Variant: Is an Auction a Lazy Game Mechanic?
There are a ton of games that use auctions in order to distribute resources. Prominent examples include Power Grid and Princes of Florence. A more recently released game, Fleet, uses an auction to distribute licenses. With Fleet and Princes of Florence, some of the items up for auction are just flat out better. The players have to realize this and bid up the price to a level where the additional value of the better item is cut off by the greater expense. That way it all evens out.
I wonder if this isn’t lazy. The best games are well-balanced. There might be a wealth of alternate strategies or areas of focus, but there is no one “best” option. In fact, if there is a best option – especially if it is obvious – then that can lead to the downfall of a game. I detest games where I feel like I’m basically an AI because the decisions are easy and immediate. I want to play the game, I don’t want to just facilitate the game playing itself.
Typically, it is the designer’s job to balance the game in a way that is engaging. But auctions can circumvent that. If there is a “best” option, the only way to make it not the “best” is to make it so expensive that it is less attractive. In essence, that puts the onus of balancing the game on the players rather than the designer. Players have to recognize what is worth more and less and respond accordingly. While an experienced group can usually do this well, new players will easily be swamped. And if groupthink creeps in, the game can lose all semblance of fun.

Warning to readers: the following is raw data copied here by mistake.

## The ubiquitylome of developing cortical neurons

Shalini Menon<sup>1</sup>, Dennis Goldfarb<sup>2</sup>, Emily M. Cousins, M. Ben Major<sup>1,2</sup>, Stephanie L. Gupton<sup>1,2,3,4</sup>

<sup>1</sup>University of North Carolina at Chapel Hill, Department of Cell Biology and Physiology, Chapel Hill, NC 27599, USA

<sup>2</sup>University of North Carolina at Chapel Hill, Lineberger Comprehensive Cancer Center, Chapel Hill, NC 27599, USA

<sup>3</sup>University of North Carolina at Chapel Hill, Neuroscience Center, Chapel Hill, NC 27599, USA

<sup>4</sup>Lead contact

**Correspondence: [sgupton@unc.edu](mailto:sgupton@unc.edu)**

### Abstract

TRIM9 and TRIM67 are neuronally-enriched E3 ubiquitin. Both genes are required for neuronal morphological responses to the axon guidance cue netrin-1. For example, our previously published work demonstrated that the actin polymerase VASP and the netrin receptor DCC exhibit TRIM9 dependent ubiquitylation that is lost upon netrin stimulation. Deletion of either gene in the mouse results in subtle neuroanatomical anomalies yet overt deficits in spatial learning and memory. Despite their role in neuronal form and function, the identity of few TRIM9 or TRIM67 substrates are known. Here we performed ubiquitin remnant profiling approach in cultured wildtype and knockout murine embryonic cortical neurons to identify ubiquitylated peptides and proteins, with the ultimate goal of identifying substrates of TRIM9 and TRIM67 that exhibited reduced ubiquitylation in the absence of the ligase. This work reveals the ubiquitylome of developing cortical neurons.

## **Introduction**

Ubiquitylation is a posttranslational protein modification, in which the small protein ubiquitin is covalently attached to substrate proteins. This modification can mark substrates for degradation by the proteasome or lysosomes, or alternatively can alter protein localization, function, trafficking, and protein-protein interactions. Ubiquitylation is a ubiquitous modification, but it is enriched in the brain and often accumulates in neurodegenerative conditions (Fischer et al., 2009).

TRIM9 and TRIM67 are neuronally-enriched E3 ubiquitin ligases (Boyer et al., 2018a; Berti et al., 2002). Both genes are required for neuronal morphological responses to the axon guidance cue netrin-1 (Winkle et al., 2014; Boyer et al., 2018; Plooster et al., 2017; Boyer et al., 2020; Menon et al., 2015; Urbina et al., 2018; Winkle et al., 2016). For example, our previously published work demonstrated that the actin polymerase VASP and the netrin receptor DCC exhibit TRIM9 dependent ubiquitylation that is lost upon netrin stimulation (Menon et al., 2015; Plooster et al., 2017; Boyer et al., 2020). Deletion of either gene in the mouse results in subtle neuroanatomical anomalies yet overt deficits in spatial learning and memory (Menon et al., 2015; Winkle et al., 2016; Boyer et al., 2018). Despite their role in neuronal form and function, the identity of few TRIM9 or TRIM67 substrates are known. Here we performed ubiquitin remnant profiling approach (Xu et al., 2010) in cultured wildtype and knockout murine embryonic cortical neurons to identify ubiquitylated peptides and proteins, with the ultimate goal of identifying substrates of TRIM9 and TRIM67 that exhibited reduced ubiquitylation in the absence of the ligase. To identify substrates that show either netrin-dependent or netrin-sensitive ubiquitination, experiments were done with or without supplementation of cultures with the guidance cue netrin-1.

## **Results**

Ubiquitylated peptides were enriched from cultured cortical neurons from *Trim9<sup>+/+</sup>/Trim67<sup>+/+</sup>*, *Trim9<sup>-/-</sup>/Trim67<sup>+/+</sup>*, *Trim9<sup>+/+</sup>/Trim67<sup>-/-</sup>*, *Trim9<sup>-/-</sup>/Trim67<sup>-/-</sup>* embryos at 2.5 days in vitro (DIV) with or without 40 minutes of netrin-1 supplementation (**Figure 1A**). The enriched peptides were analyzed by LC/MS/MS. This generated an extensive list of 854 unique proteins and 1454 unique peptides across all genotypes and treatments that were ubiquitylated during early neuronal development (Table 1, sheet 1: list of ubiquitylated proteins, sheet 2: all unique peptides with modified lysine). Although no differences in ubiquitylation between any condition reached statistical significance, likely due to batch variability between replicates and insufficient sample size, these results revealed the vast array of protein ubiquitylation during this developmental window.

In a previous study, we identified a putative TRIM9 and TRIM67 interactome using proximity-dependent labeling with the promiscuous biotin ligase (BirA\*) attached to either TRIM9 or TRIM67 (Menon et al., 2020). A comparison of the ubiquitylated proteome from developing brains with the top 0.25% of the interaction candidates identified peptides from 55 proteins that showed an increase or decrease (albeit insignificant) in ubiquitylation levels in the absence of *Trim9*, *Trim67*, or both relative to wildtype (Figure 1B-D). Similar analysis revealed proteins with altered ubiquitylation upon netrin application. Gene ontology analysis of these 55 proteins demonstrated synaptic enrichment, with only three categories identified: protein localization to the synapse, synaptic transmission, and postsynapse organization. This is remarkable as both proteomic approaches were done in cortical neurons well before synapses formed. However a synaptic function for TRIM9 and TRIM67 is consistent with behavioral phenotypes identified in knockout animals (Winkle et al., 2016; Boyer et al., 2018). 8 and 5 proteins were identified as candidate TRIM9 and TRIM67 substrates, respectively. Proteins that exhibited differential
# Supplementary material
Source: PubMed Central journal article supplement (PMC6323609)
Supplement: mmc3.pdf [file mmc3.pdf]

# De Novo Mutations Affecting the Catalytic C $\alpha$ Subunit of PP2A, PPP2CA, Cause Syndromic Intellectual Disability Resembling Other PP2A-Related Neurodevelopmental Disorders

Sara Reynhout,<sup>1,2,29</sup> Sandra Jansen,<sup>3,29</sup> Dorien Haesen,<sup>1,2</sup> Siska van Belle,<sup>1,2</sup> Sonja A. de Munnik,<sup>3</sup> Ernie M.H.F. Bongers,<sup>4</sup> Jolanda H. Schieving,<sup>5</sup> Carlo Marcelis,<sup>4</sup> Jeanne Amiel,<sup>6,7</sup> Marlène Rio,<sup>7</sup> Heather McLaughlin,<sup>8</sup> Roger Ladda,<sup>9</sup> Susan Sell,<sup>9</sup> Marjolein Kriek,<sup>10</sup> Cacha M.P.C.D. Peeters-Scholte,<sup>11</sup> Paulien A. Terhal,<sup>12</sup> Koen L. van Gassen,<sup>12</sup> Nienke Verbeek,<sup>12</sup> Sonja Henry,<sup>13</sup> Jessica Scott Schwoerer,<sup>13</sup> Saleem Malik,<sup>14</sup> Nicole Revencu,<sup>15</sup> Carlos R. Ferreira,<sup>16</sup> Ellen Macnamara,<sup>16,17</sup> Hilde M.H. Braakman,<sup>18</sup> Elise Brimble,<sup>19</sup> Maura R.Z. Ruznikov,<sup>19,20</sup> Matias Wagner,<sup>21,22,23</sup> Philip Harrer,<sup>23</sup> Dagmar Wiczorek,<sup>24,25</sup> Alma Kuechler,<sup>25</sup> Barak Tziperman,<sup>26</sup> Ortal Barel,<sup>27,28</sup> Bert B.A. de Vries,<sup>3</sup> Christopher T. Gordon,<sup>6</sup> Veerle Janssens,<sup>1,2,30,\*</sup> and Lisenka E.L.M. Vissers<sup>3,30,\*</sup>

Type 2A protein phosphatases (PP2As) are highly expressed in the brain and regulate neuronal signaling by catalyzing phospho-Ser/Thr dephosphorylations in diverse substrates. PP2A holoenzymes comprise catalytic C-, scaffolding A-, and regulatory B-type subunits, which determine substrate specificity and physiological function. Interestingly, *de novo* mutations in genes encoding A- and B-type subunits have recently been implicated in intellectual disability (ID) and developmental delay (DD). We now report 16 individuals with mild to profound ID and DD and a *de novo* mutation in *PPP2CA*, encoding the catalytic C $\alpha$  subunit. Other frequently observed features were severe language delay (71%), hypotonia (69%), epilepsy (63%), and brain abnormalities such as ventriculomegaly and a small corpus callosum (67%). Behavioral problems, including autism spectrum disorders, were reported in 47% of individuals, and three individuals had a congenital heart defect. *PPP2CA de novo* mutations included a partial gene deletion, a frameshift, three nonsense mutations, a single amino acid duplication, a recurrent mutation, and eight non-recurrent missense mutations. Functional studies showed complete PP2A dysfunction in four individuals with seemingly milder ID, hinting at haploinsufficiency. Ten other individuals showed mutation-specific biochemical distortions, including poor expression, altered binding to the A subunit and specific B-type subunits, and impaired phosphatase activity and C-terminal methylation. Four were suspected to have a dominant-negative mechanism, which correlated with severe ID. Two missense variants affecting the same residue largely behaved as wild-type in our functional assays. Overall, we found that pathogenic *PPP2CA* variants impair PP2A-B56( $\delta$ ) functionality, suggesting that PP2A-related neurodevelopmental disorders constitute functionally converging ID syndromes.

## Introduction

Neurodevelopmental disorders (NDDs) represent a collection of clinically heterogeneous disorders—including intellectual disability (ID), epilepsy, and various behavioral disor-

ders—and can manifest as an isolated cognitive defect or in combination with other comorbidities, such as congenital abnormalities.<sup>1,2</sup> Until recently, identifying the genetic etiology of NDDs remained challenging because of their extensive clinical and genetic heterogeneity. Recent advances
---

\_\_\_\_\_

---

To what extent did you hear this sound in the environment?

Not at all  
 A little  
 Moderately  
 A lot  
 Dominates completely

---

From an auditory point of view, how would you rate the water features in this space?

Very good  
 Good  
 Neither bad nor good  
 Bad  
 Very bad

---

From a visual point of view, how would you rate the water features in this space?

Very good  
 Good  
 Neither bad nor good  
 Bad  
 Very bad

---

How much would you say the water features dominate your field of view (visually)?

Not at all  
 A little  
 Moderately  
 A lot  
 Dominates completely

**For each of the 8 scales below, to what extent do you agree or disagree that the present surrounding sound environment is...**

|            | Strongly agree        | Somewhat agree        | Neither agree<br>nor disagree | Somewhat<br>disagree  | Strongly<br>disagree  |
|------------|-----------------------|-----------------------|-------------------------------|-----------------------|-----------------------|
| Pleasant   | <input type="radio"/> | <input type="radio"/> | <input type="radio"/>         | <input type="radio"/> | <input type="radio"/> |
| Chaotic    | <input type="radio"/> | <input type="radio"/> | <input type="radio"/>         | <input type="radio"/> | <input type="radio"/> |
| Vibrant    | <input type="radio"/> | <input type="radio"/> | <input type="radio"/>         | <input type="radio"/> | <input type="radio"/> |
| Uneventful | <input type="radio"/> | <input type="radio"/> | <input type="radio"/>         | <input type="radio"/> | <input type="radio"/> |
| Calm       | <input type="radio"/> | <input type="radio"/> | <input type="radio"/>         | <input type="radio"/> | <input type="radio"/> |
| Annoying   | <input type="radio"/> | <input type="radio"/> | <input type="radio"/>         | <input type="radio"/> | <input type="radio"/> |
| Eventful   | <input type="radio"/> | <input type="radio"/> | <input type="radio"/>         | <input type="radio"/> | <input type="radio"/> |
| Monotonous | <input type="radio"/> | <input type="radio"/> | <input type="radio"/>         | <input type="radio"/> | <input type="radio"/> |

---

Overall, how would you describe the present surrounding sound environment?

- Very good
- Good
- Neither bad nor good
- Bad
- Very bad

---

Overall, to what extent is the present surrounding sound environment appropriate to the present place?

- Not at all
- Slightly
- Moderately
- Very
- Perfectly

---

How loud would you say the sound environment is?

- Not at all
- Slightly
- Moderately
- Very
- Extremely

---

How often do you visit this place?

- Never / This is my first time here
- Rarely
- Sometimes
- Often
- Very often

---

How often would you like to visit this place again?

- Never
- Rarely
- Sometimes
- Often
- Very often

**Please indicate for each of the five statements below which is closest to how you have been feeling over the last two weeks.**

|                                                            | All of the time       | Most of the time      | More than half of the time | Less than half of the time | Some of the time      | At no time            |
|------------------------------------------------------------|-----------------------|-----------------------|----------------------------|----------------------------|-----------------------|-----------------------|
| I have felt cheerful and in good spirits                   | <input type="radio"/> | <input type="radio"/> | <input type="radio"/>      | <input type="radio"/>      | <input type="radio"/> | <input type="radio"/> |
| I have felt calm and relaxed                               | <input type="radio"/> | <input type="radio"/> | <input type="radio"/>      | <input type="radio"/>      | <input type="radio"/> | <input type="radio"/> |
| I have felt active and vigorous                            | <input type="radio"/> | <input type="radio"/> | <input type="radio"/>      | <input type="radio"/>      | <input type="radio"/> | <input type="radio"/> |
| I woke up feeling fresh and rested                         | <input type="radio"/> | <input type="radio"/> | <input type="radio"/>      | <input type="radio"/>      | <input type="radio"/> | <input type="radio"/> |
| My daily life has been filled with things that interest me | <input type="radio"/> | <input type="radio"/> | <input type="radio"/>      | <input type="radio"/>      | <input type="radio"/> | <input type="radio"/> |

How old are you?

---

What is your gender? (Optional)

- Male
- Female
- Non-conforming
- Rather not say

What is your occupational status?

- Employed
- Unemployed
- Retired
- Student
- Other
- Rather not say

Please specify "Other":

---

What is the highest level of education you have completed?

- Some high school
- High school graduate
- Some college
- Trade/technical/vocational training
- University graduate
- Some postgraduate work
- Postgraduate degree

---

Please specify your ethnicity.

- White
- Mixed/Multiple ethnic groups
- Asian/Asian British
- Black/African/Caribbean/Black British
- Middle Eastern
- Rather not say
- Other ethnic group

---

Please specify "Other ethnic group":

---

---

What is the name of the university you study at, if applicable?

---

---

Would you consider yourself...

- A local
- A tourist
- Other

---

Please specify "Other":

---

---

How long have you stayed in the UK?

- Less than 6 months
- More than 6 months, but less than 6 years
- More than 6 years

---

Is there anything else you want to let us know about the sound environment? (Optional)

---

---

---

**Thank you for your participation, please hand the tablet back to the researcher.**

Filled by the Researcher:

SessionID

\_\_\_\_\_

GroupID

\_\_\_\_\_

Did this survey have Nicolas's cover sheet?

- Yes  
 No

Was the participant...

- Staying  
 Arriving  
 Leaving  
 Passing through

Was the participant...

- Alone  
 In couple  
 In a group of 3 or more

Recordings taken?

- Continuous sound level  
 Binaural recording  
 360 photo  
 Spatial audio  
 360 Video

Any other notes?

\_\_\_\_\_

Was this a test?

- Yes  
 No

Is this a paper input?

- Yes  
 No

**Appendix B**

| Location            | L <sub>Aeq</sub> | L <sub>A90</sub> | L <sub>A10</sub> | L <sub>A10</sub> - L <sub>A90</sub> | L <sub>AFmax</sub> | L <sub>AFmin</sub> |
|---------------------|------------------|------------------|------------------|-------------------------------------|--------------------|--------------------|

Power Grid and Fleet use this, though they aren’t so bad. The Power Stations or Licenses are fairly obvious as to which is worth more and the players can respond. Of course, it may not be immediately obvious how much better they are. But the worst is Princes of Florence. The Jester is simply the best item that can be acquired 90% of the time. What’s worse, the Jester provides two points to a Work’s value. On first blush, especially for a new player, that may not seem like a big deal. But veterans know better.
Those Jesters also help you get the Best Work bonus – which can be critical to success. If you look at the expected profit a round one or two Jester can bring, it is worth nearly a third of your starting money. New players just don’t expect that. If Jesters aren’t bid up to be properly in line with the expected value of other objects, then the player with the most Jesters wins. In other words, the Jester is so game breaking that other players have to balance the game.
Now, I enjoy all three of the games noted here. But, speaking entirely as a non-designer, I wonder if there isn’t a better way to balance a game than simply making highly unbalanced items up for auction and leaving it to the players to even things out.